“Sallie” was nervous, but excited. She had found the perfect space for her growing PR firm – near the center of town in an area that wasn’t yet high-end (so the rent was still affordable), but up-and-coming, with a vibe that fit her creative personality. The raw space had a lot of potential, and the designer’s plans made it seem fabulous. The contractor the designer had recommended wasn’t available for the work, so he recommended a buddy. They agreed on the specs and the contractor went to work. Six months later, the contractor still wasn’t finished with the work that should have taken two, Sallie’s landlord was v-e-r-y displeased. . .and Sallie was still out of a “home” for her business with no end in sight. What could she have done differently?
Short of dealing with a lawyer, there are few relationships that inspire more dread and trepidation for business owners than working with a building contractor (building a sophisticated website probably ranks up there, too). Get a handful of people in a room, and you’ll have nightmare stories to keep you occupied for a month! Shoddy workmanship, ballooning budgets, cut corners – all raise the hairs on the back of your neck, because they all mean lost profits, missed opportunities, and a total disruption to your business rhythm. Here are the top five (5) guidelines that could have helped Sallie minimize her risks:
- Don’t hire a pig in a poke. Rather than relying on the original contractor’s recommendation alone, Sallie should have done her homework. This includes getting references from at least three people who have used your contractor. If possible, visit the job sites. Ask the contractor for projects completed within the past 2-3 years to see whether hidden defects surfaced after the work was finished. Also, investigate whether any complaints against your contractor have been filed with the Better Business Bureau, Department of Consumer Affairs, and/or Attorney General. Find out if the contractor has been involved in litigation, as this may show a history of dissatisfied customers. If you can, obtain a credit report to see if your contractor is solvent.
- Find competent advisors. It is essential to hire both a lawyer and an architect (or designer) who have experience dealing with these kinds of projects. Why? Because many contractors either do not use formal contracts or use form contracts like those from the American Institute of Architects (referred to in the industry as “AIA Contracts”). By their nature, AIA Contracts leave a lot of items open-ended — where you either need to supply information or choose among options. Your architect/designer can ensure that your agreement with the contractor specifies the project scope in sufficient detail; your lawyer can ensure that the contract adequately protects you, should all not go according to plan.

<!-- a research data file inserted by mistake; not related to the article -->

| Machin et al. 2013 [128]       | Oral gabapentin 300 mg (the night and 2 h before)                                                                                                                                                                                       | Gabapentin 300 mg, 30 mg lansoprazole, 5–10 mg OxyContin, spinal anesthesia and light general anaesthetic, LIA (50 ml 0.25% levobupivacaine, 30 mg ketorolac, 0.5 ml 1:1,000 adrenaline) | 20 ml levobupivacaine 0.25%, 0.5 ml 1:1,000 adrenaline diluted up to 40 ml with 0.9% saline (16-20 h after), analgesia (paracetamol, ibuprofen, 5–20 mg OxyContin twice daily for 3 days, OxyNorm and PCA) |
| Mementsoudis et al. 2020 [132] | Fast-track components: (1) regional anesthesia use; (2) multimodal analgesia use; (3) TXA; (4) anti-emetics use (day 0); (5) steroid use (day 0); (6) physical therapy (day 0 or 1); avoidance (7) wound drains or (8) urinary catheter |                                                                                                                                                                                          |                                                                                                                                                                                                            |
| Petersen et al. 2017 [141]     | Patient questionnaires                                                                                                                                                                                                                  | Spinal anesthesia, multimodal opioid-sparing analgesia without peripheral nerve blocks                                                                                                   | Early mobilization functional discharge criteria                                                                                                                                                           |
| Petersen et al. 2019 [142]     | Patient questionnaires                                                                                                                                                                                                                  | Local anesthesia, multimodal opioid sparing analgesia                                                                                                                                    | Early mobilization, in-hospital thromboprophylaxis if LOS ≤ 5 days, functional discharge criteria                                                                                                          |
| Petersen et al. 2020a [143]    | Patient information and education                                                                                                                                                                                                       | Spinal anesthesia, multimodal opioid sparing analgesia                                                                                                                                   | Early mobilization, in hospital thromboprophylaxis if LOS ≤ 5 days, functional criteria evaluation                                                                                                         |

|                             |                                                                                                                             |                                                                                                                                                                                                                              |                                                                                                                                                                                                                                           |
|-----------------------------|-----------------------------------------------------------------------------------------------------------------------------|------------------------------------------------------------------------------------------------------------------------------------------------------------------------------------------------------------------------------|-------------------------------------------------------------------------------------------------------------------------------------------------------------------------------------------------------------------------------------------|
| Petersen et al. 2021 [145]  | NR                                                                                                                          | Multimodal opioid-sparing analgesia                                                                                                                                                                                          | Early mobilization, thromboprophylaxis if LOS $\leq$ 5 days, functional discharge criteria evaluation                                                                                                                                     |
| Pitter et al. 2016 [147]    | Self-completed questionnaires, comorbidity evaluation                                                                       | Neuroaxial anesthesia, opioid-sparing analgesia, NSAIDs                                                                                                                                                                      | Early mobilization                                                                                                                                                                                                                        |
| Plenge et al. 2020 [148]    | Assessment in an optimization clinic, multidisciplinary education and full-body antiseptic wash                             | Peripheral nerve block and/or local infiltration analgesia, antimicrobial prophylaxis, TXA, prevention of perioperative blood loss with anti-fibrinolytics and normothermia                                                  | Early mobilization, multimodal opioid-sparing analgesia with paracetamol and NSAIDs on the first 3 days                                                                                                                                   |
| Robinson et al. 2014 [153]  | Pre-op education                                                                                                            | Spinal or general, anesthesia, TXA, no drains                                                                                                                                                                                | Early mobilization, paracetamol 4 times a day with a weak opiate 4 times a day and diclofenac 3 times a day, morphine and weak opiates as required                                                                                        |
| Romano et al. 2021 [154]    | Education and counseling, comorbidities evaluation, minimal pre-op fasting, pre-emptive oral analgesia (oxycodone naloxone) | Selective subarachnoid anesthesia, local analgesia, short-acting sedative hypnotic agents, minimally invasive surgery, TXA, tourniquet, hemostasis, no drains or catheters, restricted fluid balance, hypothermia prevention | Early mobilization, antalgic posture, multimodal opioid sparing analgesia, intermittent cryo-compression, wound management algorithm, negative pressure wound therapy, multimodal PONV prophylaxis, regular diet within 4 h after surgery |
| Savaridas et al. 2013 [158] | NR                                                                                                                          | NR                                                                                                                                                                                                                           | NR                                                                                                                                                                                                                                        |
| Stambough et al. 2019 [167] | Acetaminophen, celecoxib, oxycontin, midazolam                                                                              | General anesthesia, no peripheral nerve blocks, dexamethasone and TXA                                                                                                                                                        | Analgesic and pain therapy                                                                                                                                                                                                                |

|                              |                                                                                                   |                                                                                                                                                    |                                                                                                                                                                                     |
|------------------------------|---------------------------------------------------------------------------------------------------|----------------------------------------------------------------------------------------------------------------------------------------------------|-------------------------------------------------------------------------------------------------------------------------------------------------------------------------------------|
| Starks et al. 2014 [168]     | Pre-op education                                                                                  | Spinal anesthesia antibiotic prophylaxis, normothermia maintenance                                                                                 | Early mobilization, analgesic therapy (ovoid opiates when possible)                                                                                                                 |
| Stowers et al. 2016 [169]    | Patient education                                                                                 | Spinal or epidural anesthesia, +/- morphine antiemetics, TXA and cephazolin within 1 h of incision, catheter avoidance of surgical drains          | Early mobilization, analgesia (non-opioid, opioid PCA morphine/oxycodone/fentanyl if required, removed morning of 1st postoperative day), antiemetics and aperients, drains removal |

- Be crystal clear in setting expectations. Vagueness is the primary reason that so many relationships with contractors go awry. Be sure that you and the contractor agree on: the scope of the project; work deadlines; the total cost of the project; what will and will not be considered “extra costs”; the timing and amounts for installment payments; who decides when installment payments are due; and when interim inspections occur and who makes them. Most importantly, be sure to discuss what will happen if the contractor does not perform as promised – either in terms of quality of work or time frame for completing it. This is an area where Sallie could have protected her “down side.”
- Obtain landlord approval. Most commercial leases require landlord approval for any alterations to your premises. Therefore, make sure that your architect/designer provides the landlord with the same detailed project scope that will be included in the agreement with your contractor. Be sure that all significant parts of the job are included, because your landlord may approve your initial plans but refuse to approve something you want to add later to the project. Also, confirm whether the landlord will require building permits — even if your alterations generally wouldn’t.
- Keep your eyes and ears open. Your architect/designer should visit the project frequently to ensure that the work is proceeding as scheduled and the materials meet the quality required and promised. Be sure that all plumbing and electrical work is properly inspected before the contractor covers it by walls or cabinetry. Check to see that there are sufficient workers on site to complete the work timely; inquire whether all workers and any sub-contractors are properly licensed and paid timely, as the failure to do so can embroil you in litigation or other costly delays. Do not be afraid to ask questions of your contractor, as it’s crucial that you stay informed and closely supervise these kinds of projects. Be sure that you understand the answers your contractor gives you.
Expect the unexpected. No matter how well you follow these guidelines, things can and do go wrong. Build flexibility and cushion into both your budget and your deadlines so that you can plan for any hiccups that may arise – and keep the nightmare at bay.